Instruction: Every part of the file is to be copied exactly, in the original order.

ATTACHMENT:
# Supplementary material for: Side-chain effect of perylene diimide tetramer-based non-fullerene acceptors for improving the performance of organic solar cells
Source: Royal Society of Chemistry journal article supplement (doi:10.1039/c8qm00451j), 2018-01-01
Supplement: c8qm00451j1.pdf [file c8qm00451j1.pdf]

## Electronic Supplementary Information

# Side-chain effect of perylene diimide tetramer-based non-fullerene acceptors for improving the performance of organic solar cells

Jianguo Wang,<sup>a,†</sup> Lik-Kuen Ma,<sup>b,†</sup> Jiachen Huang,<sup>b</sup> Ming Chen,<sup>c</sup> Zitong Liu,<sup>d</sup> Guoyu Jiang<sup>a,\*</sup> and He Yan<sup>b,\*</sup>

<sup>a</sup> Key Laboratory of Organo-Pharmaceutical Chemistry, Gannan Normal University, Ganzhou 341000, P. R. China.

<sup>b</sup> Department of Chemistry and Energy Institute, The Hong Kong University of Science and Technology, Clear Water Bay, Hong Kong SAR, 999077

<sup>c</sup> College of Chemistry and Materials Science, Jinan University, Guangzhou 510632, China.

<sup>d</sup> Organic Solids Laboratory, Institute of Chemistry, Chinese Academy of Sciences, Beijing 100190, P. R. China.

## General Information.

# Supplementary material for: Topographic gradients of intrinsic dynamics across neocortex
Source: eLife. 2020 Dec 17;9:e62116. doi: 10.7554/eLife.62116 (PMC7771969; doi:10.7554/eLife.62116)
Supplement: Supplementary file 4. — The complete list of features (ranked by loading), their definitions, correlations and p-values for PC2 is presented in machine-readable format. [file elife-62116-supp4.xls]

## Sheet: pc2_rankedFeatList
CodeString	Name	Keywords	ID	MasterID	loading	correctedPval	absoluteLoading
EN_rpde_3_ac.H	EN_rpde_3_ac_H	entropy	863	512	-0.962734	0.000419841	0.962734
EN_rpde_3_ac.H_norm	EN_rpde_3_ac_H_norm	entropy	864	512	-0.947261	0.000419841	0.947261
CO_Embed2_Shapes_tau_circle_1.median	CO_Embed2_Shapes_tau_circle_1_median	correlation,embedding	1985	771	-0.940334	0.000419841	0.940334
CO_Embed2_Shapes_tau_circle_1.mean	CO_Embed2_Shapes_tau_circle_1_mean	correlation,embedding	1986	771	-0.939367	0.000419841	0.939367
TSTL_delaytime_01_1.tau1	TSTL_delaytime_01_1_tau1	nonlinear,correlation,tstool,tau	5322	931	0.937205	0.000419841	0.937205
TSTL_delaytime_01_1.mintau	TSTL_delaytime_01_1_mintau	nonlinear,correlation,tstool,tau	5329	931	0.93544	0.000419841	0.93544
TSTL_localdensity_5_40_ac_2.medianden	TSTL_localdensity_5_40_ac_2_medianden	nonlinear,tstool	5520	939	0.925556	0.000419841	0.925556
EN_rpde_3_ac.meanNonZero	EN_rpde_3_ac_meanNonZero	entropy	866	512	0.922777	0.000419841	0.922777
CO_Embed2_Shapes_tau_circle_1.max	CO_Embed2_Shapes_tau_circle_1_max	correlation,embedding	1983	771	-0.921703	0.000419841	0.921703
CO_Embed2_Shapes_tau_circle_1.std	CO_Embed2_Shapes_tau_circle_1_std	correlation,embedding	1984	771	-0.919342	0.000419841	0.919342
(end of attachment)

# Supplementary material for: Side-chain effect of perylene diimide tetramer-based non-fullerene acceptors for improving the performance of organic solar cells
Source: Royal Society of Chemistry journal article supplement (doi:10.1039/c8qm00451j), 2018-01-01
Supplement: c8qm00451j1.pdf [file c8qm00451j1.pdf]

## Electronic Supplementary Information

# Side-chain effect of perylene diimide tetramer-based non-fullerene acceptors for improving the performance of organic solar cells

Jianguo Wang,<sup>a,†</sup> Lik-Kuen Ma,<sup>b,†</sup> Jiachen Huang,<sup>b</sup> Ming Chen,<sup>c</sup> Zitong Liu,<sup>d</sup> Guoyu Jiang<sup>a,\*</sup> and He Yan<sup>b,\*</sup>

<sup>a</sup> Key Laboratory of Organo-Pharmaceutical Chemistry, Gannan Normal University, Ganzhou 341000, P. R. China.

<sup>b</sup> Department of Chemistry and Energy Institute, The Hong Kong University of Science and Technology, Clear Water Bay, Hong Kong SAR, 999077

<sup>c</sup> College of Chemistry and Materials Science, Jinan University, Guangzhou 510632, China.

<sup>d</sup> Organic Solids Laboratory, Institute of Chemistry, Chinese Academy of Sciences, Beijing 100190, P. R. China.

## General Information.

# Supplementary material for: Topographic gradients of intrinsic dynamics across neocortex
Source: eLife. 2020 Dec 17;9:e62116. doi: 10.7554/eLife.62116 (PMC7771969; doi:10.7554/eLife.62116)
Supplement: Supplementary file 4. — The complete list of features (ranked by loading), their definitions, correlations and p-values for PC2 is presented in machine-readable format. [file elife-62116-supp4.xls]

## Sheet: pc2_rankedFeatList
CodeString	Name	Keywords	ID	MasterID	loading	correctedPval	absoluteLoading
EN_rpde_3_ac.H	EN_rpde_3_ac_H	entropy	863	512	-0.962734	0.000419841	0.962734
EN_rpde_3_ac.H_norm	EN_rpde_3_ac_H_norm	entropy	864	512	-0.947261	0.000419841	0.947261
CO_Embed2_Shapes_tau_circle_1.median	CO_Embed2_Shapes_tau_circle_1_median	correlation,embedding	1985	771	-0.940334	0.000419841	0.940334
CO_Embed2_Shapes_tau_circle_1.mean	CO_Embed2_Shapes_tau_circle_1_mean	correlation,embedding	1986	771	-0.939367	0.000419841	0.939367
TSTL_delaytime_01_1.tau1	TSTL_delaytime_01_1_tau1	nonlinear,correlation,tstool,tau	5322	931	0.937205	0.000419841	0.937205
TSTL_delaytime_01_1.mintau	TSTL_delaytime_01_1_mintau	nonlinear,correlation,tstool,tau	5329	931	0.93544	0.000419841	0.93544
TSTL_localdensity_5_40_ac_2.medianden	TSTL_localdensity_5_40_ac_2_medianden	nonlinear,tstool	5520	939	0.925556	0.000419841	0.925556
EN_rpde_3_ac.meanNonZero	EN_rpde_3_ac_meanNonZero	entropy	866	512	0.922777	0.000419841	0.922777
CO_Embed2_Shapes_tau_circle_1.max	CO_Embed2_Shapes_tau_circle_1_max	correlation,embedding	1983	771	-0.921703	0.000419841	0.921703
CO_Embed2_Shapes_tau_circle_1.std	CO_Embed2_Shapes_tau_circle_1_std	correlation,embedding	1984	771	-0.919342	0.000419841	0.919342